("What kind of music do you like?" "For what? Singing with friends at 2am? Listening to in my car on the way to work in the morning? Paying to see performed on a stage?" Just try to give that answer and see how far you get socially with it -- even though it's the only answer I could possibly give. Reason number 378 why I feel I live in a world that is not optimized for me.)
Eventually, with my friends, I had to resort to a description that included the phrase "folk dancing", even though Morris dancers traditionally take great umbrage at being called folk dancers -- this despite the fact that if you go to the Wikipedia entry on "folk dancing" there is a prominent photo of Morris dancing. Why is this so -- that Morris dancers in general do not consider themselves folk dancers?
I wish the answer were simple. To me it's a question of the context in which "folk dancing" is danced in our culture -- which is different than the context in which it is danced in its country and epoch of origin. I think that is very different than the context of Morris dancing -- which at essence is street theater, and which has the goal of integration into a community (dancing out and performing at public events). When I first heard of White Rats Morris in the Bay Area -- a Goth-influenced team that actually sews their bells to their arms for some performances -- I remember hearing praise for the fact that even though in some ways they were not "traditional" (in terms of their kit, for example) they did a better job than most teams of trying to be the team for a particular community (dancing at bondage parties and the Folsom Street Fair and the SF Pride Parade). My larger point here is that it's not the specific dances that White Rats Morris performs that is most significant to the discussion, but where they dance and why. This is what I believe distinguishes Morris from folk dancing -- that is, folk dancing outside of its country or community of origin, which is mostly what I see in the US.
I know that folk dancers would probably claim otherwise -- that this distinction I make here about folk dance privileging the choreography over the context doesn't hold. But I think about all the folk dancing enthusiasts I've known, and what I've seen is that their dances are from a variety of cultures and regions. The pleasure is in the choreography, and the folk dance community itself (and these are great pleasures indeed)-- but is the folk dance community the same as the cultural community in which a particular dance originates? And then there's the distinction between folk dance clubs and folk dance troupes that perform for a paying audience -- are those the same thing? I would say emphatically no, even when they do the same dances. But you could probably have guessed that I would say that.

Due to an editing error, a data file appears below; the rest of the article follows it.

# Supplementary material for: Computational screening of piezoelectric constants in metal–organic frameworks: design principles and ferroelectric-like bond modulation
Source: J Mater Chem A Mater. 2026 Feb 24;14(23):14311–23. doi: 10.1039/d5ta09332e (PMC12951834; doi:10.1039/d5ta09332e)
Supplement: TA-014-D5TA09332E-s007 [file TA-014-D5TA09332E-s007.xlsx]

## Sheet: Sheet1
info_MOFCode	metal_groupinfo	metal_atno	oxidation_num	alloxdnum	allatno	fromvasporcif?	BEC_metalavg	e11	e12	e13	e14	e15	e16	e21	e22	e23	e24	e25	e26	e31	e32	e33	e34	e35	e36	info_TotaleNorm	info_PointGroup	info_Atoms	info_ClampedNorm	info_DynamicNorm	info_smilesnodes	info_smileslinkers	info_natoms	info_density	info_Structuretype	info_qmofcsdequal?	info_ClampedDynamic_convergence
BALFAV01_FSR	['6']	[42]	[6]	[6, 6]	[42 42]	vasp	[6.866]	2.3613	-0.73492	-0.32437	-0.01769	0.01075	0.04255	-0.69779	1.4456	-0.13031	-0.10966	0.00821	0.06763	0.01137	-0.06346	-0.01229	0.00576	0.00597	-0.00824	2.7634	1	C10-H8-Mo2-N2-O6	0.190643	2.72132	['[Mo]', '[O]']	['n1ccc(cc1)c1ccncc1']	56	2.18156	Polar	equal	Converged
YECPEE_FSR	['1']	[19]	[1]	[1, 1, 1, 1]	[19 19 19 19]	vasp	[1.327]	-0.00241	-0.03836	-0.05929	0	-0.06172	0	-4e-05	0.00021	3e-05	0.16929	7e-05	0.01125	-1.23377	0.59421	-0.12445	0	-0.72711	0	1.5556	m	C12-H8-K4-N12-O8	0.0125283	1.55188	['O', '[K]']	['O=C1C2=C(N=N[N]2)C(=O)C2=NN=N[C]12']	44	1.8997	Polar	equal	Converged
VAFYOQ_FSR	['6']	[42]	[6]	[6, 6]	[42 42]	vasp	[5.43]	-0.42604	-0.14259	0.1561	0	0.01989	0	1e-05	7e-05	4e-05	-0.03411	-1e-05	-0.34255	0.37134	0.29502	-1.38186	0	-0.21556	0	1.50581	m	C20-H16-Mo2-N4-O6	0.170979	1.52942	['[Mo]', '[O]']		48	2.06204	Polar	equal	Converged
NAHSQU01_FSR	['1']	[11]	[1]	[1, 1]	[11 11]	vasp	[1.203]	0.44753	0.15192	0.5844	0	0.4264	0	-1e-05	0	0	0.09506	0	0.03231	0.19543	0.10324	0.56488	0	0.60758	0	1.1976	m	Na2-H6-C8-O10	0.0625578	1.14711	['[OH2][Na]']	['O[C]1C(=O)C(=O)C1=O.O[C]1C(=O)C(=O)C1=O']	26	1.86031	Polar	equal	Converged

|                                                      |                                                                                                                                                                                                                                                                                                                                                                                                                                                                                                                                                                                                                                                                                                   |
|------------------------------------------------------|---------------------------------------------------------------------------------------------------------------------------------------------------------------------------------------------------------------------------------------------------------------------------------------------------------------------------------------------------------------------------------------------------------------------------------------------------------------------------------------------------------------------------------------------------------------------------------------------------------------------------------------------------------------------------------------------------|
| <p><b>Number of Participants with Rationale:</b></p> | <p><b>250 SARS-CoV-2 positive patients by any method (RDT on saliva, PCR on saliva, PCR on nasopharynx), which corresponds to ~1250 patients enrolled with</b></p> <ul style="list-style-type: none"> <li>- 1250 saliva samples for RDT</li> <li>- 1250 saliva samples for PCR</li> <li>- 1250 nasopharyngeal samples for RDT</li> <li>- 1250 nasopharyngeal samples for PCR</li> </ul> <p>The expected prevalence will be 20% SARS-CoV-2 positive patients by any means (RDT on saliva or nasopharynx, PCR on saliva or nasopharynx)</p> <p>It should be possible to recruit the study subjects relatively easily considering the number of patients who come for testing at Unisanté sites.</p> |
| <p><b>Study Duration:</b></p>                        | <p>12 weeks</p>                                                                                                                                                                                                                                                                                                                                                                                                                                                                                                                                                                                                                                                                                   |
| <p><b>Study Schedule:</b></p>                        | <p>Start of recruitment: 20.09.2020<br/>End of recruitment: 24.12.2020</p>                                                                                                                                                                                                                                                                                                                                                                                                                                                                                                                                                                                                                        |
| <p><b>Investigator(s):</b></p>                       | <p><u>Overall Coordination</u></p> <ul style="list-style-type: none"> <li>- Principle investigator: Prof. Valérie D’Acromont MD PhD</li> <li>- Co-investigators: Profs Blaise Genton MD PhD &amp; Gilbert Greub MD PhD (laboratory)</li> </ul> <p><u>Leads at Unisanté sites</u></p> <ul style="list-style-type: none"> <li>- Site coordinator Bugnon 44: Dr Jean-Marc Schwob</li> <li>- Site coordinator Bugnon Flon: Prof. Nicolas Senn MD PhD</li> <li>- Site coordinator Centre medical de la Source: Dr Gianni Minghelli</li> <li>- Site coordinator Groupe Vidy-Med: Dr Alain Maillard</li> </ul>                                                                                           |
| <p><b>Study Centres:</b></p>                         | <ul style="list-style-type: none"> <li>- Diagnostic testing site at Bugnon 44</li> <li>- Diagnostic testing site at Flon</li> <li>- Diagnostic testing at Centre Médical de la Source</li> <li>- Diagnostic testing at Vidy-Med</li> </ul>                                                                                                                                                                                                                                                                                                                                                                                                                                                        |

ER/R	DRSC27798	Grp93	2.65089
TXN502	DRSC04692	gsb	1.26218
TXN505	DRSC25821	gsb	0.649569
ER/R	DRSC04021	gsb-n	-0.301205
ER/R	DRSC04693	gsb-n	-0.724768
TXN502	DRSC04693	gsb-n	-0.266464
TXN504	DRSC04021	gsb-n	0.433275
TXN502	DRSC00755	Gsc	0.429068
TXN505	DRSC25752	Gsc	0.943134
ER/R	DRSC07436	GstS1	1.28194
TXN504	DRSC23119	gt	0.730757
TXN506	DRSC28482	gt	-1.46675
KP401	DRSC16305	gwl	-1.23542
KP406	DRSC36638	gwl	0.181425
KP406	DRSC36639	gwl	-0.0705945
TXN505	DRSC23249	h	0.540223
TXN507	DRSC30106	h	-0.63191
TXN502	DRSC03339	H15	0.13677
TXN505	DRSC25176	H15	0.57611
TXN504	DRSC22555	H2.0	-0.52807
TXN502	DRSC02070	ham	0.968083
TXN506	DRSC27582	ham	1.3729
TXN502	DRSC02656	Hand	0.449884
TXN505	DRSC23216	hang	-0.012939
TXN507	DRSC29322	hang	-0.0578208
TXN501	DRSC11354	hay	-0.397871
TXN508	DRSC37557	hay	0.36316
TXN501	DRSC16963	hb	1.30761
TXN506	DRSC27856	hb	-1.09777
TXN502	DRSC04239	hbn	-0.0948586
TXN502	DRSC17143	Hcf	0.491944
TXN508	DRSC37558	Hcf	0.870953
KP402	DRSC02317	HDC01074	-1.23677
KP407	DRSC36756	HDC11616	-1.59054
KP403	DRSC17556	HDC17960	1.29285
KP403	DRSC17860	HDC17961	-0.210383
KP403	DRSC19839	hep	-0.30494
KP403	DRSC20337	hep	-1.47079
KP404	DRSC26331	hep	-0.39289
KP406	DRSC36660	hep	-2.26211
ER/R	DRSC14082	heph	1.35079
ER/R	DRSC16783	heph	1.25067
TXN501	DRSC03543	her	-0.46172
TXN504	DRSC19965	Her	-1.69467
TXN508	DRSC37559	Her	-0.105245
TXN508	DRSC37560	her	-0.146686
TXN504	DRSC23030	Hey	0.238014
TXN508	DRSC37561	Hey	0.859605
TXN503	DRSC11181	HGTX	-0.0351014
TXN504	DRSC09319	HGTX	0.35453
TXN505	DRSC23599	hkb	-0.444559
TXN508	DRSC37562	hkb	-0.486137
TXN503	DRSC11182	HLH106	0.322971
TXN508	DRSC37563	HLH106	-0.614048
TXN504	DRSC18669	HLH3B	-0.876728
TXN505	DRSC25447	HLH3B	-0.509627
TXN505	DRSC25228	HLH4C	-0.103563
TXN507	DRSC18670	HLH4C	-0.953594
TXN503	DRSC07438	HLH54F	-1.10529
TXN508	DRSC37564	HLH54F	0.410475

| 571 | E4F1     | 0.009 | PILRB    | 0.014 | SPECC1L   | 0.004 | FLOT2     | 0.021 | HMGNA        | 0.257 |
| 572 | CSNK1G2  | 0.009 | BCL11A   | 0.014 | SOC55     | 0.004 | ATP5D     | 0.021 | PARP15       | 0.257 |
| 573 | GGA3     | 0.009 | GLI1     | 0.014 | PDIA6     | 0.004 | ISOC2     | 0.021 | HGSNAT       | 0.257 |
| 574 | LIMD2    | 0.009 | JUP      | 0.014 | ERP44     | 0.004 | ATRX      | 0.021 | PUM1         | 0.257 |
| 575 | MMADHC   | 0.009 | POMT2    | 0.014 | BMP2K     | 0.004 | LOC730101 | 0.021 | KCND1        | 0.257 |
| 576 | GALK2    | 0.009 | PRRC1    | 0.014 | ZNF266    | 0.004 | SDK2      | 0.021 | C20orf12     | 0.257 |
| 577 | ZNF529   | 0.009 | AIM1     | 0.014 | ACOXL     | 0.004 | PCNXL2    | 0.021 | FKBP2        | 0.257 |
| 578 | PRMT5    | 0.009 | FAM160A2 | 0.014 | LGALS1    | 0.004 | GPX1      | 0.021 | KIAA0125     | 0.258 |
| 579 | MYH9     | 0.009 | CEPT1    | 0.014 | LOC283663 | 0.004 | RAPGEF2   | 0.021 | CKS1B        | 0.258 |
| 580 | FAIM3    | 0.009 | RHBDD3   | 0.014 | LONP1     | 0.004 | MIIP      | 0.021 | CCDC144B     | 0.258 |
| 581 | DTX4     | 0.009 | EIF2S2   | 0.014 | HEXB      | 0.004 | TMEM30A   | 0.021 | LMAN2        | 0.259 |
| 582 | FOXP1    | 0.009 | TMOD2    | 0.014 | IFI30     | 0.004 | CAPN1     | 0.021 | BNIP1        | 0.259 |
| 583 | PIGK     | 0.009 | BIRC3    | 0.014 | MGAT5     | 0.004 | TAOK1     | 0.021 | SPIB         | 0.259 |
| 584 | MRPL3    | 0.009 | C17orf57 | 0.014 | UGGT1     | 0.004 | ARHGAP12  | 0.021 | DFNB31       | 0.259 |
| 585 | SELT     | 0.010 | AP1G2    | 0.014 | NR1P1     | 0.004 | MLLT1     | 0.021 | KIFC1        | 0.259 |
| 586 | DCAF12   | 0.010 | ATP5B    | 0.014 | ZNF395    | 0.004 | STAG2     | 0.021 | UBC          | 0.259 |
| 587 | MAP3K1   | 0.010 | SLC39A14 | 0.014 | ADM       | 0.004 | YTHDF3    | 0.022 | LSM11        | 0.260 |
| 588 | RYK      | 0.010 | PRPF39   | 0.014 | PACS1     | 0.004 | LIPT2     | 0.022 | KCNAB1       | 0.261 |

Besides the conversation at the Eagle, I also had occasion to think about this recently when d33ann wrote in her journal about seeing Morris dancers on a stage at the Seattle Folklife Festival (and thinking of me). My first response was that if she saw them on a stage she didn't really see Morris dancing, but that sounds more snide than I'd want it to. Mostly I think this touches on my thoughts about the dance having meaning only in context, and the context of a stage is not where it seems like Morris dancing to me. It seems like -- ah ha -- folk dancing.
I get support for my notions here from Tony Barrand in his book about Morris dancing, Six Fools and a Dancer. Now, there's a lot I don't agree with in what Tony says -- or perhaps the way he says it -- but he talks about this distinction from folk dancing in various places in the book. At one point, in discussing Morris as street theater, he writes: "The Morris in not an art form for its own sake. That would be merely folk dancing". (Did you catch that "merely"? Without the "merely" I'm in agreement. With that one word he manages to offend all folk dancers worldwide, and that's what I mean about not agreeing with the way he says things.) He also argues for Morris teams to maintain a single tradition (rather than many) and to keep that tradition over time, in support of which he writes this:
...the choreography is really only a very small part of what the Morris is about. The meaning lies in the occasion, in the performance of the season and of one's links with a time and place. That can be achieved with any one set of individual and group movements....To switch traditions or to perform several different ones is to keep what is expressed through the Morris at a shallow level. It is to be a folk dancer for whom the choreography is the raison d'etre rather than a Morris dancer for whom the choreography is a means to achieve more powerful ends."
Again, at the core I agree with the distinction he makes -- or in any case I find support for a distinction I was already making, in an inchoate form. But he's got to throw in this implication that folk dancing by definition keeps dancing at a "shallow level" -- which is not really what he's saying -- the shallow level part is a separate point from the folk dance distinction -- but you've got to read really carefully to figure that out. Still there's no question about what he means when he refers to Morris dancing as achieving "more powerful ends" (than folk dancing) -- as if there is a competition or ranking. That's where I part ways. But if you can get through that obnoxiousness and focus only on the description of what Morris is (minus any explicit comparative ranking against other forms of dancing that are so different -- contextually -- that ranking is irrelevant) then you've got some things to think about. By which I mean that I myself have some things to think about here, in regards to what I myself do.
But I wouldn't call myself a folk dancer, either.